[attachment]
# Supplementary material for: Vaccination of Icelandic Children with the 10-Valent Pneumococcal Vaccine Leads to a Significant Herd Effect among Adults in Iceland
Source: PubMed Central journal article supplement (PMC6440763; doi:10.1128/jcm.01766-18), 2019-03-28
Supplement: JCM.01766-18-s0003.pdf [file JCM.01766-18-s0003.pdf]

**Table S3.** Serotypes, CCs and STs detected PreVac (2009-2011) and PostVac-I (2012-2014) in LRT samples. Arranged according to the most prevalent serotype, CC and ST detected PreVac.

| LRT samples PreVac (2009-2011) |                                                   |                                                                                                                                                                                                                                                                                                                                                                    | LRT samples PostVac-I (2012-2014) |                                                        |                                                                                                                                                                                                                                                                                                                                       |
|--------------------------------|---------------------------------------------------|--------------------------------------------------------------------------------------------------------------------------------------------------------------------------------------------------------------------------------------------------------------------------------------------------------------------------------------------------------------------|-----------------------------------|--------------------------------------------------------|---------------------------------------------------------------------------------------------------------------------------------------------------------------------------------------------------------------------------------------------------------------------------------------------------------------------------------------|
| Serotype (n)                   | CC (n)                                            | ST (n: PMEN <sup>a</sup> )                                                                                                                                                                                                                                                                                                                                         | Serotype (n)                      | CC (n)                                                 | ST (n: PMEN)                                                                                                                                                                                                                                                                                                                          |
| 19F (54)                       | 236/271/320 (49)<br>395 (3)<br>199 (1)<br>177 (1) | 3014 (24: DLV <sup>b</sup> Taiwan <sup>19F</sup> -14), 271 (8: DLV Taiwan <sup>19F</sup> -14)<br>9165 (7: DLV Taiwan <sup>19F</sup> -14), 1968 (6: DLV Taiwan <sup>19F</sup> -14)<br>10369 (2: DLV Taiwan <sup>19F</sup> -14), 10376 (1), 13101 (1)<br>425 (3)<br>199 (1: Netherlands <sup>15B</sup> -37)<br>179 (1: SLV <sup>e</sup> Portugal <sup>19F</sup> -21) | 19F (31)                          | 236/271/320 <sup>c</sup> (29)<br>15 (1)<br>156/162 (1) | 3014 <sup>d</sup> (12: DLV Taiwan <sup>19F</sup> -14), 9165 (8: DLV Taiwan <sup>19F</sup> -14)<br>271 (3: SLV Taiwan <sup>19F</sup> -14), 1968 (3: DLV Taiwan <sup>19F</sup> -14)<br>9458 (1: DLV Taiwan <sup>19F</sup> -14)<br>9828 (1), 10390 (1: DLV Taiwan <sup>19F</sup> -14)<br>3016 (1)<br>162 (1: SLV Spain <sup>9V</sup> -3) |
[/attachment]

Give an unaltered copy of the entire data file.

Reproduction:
# Supplementary material for: Vaccination of Icelandic Children with the 10-Valent Pneumococcal Vaccine Leads to a Significant Herd Effect among Adults in Iceland
Source: PubMed Central journal article supplement (PMC6440763; doi:10.1128/jcm.01766-18), 2019-03-28
Supplement: JCM.01766-18-s0003.pdf [file JCM.01766-18-s0003.pdf]

**Table S3.** Serotypes, CCs and STs detected PreVac (2009-2011) and PostVac-I (2012-2014) in LRT samples. Arranged according to the most prevalent serotype, CC and ST detected PreVac.

| LRT samples PreVac (2009-2011) |                                                   |                                                                                                                                                                                                                                                                                                                                                                    | LRT samples PostVac-I (2012-2014) |                                                        |                                                                                                                                                                                                                                                                                                                                       |
|--------------------------------|---------------------------------------------------|--------------------------------------------------------------------------------------------------------------------------------------------------------------------------------------------------------------------------------------------------------------------------------------------------------------------------------------------------------------------|-----------------------------------|--------------------------------------------------------|---------------------------------------------------------------------------------------------------------------------------------------------------------------------------------------------------------------------------------------------------------------------------------------------------------------------------------------|
| Serotype (n)                   | CC (n)                                            | ST (n: PMEN <sup>a</sup> )                                                                                                                                                                                                                                                                                                                                         | Serotype (n)                      | CC (n)                                                 | ST (n: PMEN)                                                                                                                                                                                                                                                                                                                          |
| 19F (54)                       | 236/271/320 (49)<br>395 (3)<br>199 (1)<br>177 (1) | 3014 (24: DLV <sup>b</sup> Taiwan <sup>19F</sup> -14), 271 (8: DLV Taiwan <sup>19F</sup> -14)<br>9165 (7: DLV Taiwan <sup>19F</sup> -14), 1968 (6: DLV Taiwan <sup>19F</sup> -14)<br>10369 (2: DLV Taiwan <sup>19F</sup> -14), 10376 (1), 13101 (1)<br>425 (3)<br>199 (1: Netherlands <sup>15B</sup> -37)<br>179 (1: SLV <sup>e</sup> Portugal <sup>19F</sup> -21) | 19F (31)                          | 236/271/320 <sup>c</sup> (29)<br>15 (1)<br>156/162 (1) | 3014 <sup>d</sup> (12: DLV Taiwan <sup>19F</sup> -14), 9165 (8: DLV Taiwan <sup>19F</sup> -14)<br>271 (3: SLV Taiwan <sup>19F</sup> -14), 1968 (3: DLV Taiwan <sup>19F</sup> -14)<br>9458 (1: DLV Taiwan <sup>19F</sup> -14)<br>9828 (1), 10390 (1: DLV Taiwan <sup>19F</sup> -14)<br>3016 (1)<br>162 (1: SLV Spain <sup>9V</sup> -3) |